Shelling kills scores in their homes in Darfur


Darfur conflict was ignored. Now, the latest Sudanese conflict brewed by rival military generals is worrying the world.

from RAJI BASHIR in Khartoum, Sudan
Sudan Bureau
KHARTOUM, (CAJ News) – THE deaths of at least 39 people, a majority of them women and children, in the South Darfur region, is a reminder of failure by warring parties in Sudan to shield civilians from harm.

Both are rival factions of the military government that has been at the helm of Sudan since the overthrow of Omar al-Bashir in 2019.

At least 435 children have been reported killed in the conflict, and at least 2 025 children injured. These figures are reported as an underestimate and the true toll likely to be far higher.

The civilians were killed in the regional capital, Nyala, on Tuesday when shelling hit their homes, according to medics and witnesses.

“We are heartbroken yet more innocent lives have been lost in this brutal conflict,” lamented Dr Arif Noor, Save the Children’s Country Director in Sudan.

“There is no excuse for children being killed and caught up in this adult war. Explosives such as those used in Nyala are one of the many ways children are being killed and injured in Sudan.”

Noor explained that children were far more likely to die from blast wounds than adult casualties.

Rockets, mortars, grenades, mines and improvised explosive devices have all been used since the conflict broke out in April between the Sudanese Armed Forces (SAF) and the paramilitary Rapid Support Forces (RSF).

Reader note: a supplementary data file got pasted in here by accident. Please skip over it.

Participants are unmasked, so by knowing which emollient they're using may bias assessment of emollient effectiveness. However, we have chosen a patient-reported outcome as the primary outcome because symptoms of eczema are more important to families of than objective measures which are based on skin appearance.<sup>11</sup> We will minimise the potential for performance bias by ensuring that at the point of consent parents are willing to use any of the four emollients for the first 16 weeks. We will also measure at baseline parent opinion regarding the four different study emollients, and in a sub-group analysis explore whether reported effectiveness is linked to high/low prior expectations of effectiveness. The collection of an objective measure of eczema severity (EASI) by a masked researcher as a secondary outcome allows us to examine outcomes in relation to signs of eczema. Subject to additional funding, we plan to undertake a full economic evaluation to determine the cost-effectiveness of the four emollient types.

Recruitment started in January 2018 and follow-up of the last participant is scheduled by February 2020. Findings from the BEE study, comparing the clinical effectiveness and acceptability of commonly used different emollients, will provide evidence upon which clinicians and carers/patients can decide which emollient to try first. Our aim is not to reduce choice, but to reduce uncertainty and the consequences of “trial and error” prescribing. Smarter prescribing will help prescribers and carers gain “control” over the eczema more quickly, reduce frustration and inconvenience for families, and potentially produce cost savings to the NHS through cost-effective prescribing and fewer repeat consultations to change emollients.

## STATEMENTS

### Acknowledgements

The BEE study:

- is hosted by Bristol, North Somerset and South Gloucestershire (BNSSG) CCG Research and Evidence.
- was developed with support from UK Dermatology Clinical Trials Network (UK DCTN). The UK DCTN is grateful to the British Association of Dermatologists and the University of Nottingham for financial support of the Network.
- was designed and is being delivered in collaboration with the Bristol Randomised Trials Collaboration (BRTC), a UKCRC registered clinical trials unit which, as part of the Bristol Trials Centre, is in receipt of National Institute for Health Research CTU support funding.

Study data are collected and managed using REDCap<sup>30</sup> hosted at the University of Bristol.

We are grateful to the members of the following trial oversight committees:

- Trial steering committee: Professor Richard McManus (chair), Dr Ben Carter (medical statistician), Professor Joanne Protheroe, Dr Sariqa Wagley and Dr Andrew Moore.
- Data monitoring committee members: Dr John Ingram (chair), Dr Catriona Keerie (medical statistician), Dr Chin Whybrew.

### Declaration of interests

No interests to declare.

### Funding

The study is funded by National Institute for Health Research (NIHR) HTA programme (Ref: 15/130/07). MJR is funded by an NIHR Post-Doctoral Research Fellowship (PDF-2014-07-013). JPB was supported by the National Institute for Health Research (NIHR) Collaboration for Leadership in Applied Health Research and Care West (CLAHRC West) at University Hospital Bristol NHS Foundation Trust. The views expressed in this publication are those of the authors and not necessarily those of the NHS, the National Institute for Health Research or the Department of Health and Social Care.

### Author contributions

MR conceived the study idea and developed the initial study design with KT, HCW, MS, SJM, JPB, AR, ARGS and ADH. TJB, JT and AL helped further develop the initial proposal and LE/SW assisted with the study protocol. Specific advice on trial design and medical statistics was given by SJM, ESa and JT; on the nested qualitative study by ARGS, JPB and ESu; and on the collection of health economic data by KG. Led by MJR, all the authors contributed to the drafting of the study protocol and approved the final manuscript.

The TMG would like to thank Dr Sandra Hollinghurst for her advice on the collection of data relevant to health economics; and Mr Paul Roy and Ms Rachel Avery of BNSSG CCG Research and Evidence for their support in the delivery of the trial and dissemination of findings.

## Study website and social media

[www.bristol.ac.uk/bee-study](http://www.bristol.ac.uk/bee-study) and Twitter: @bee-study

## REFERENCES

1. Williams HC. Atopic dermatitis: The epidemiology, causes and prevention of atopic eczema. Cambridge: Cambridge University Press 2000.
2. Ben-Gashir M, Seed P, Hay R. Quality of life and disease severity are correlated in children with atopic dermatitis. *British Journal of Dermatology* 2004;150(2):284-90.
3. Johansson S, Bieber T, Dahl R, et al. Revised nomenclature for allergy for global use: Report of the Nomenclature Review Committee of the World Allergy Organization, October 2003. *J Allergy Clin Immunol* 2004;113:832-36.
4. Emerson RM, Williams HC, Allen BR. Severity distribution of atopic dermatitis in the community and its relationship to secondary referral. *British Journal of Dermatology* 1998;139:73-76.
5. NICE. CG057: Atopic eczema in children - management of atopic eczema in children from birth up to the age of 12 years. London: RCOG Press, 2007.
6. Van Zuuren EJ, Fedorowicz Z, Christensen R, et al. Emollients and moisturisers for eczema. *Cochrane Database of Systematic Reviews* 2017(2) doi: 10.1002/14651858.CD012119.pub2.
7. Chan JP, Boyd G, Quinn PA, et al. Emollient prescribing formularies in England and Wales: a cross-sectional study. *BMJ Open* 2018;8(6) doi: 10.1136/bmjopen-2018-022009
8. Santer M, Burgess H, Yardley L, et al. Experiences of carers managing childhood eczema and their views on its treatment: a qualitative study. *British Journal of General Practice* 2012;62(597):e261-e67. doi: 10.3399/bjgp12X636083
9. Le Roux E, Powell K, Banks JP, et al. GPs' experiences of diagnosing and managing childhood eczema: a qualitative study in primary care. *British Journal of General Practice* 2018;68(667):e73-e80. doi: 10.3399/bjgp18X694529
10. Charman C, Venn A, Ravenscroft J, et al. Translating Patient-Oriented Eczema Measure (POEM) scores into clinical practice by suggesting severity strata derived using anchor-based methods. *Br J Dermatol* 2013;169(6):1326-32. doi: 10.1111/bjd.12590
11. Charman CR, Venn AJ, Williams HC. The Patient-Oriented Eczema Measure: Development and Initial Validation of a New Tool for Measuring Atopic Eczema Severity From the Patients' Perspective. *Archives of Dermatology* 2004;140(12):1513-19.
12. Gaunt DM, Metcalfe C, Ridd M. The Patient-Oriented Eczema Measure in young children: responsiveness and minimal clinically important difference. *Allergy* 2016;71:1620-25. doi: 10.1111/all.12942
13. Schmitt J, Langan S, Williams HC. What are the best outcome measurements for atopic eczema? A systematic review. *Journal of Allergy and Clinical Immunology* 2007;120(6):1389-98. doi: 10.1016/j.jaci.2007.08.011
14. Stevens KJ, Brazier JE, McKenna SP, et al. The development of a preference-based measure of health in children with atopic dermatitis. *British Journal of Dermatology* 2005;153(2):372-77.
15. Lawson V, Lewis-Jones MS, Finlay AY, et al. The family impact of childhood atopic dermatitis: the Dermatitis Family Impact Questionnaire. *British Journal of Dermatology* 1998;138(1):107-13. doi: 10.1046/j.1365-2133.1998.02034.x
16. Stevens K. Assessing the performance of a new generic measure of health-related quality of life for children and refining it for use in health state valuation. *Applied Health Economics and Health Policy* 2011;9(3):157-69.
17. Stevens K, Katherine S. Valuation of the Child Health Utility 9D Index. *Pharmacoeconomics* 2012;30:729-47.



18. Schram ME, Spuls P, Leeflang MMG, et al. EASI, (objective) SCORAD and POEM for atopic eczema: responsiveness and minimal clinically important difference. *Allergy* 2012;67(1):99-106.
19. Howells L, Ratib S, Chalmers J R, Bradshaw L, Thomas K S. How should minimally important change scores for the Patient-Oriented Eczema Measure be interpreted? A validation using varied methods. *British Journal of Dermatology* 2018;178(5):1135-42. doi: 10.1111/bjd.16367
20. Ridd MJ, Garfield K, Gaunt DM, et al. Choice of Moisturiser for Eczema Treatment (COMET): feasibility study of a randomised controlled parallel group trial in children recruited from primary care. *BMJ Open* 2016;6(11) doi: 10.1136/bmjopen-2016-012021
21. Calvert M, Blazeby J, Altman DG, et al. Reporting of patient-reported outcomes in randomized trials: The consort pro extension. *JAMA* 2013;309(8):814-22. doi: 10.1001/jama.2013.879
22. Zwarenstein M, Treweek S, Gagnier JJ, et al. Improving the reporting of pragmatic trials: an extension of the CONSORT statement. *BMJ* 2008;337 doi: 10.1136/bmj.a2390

“The parties to the conflict must take all necessary action to minimise civilian harm – something that is not happening in Sudan currently, thus risking the lives of millions of children,” Noor said.

More than 4,5 million people have been displaced inside and outside Sudan due to the conflict. More than 13,6 million children need humanitarian aid. Over 1,7 million minors are displaced.

On Tuesday, the United Nations (UN) announced an additional allocation of US$20 million from its Central Emergency Response Fund (CERF) to aid civilians caught up in the turmoil.

The latest funding, approved by Emergency Relief Coordinator, Martin Griffiths, brings the total CERF funding for the crisis to $60 million.

“Civilians need life-saving assistance now, humanitarians need access and funding to deliver it,” Griffiths said.

– CAJ News
















scroll to top